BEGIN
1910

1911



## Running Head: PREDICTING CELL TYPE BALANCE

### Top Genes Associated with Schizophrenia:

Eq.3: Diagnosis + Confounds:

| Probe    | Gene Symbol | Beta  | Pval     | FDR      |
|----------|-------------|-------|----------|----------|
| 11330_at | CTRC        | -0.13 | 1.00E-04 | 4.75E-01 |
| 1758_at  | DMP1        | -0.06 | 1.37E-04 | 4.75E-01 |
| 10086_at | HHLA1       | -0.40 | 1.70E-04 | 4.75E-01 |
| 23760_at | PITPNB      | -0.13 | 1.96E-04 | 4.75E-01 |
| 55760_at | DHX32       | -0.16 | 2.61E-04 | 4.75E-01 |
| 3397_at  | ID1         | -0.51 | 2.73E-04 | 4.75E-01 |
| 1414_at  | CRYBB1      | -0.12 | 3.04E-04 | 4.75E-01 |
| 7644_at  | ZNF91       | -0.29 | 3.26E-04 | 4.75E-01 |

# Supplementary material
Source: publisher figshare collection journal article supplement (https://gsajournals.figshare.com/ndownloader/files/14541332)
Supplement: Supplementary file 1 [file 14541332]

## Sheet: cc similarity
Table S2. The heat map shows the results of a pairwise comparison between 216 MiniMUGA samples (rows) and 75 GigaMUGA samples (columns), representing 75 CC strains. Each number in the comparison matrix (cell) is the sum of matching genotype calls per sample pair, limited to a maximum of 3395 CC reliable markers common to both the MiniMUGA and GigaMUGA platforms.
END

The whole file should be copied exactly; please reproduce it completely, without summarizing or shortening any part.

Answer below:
1910

1911



## Running Head: PREDICTING CELL TYPE BALANCE

### Top Genes Associated with Schizophrenia:

Eq.3: Diagnosis + Confounds:

| Probe    | Gene Symbol | Beta  | Pval     | FDR      |
|----------|-------------|-------|----------|----------|
| 11330_at | CTRC        | -0.13 | 1.00E-04 | 4.75E-01 |
| 1758_at  | DMP1        | -0.06 | 1.37E-04 | 4.75E-01 |
| 10086_at | HHLA1       | -0.40 | 1.70E-04 | 4.75E-01 |
| 23760_at | PITPNB      | -0.13 | 1.96E-04 | 4.75E-01 |
| 55760_at | DHX32       | -0.16 | 2.61E-04 | 4.75E-01 |
| 3397_at  | ID1         | -0.51 | 2.73E-04 | 4.75E-01 |
| 1414_at  | CRYBB1      | -0.12 | 3.04E-04 | 4.75E-01 |
| 7644_at  | ZNF91       | -0.29 | 3.26E-04 | 4.75E-01 |

# Supplementary material
Source: publisher figshare collection journal article supplement (https://gsajournals.figshare.com/ndownloader/files/14541332)
Supplement: Supplementary file 1 [file 14541332]

## Sheet: cc similarity
Table S2. The heat map shows the results of a pairwise comparison between 216 MiniMUGA samples (rows) and 75 GigaMUGA samples (columns), representing 75 CC strains. Each number in the comparison matrix (cell) is the sum of matching genotype calls per sample pair, limited to a maximum of 3395 CC reliable markers common to both the MiniMUGA and GigaMUGA platforms.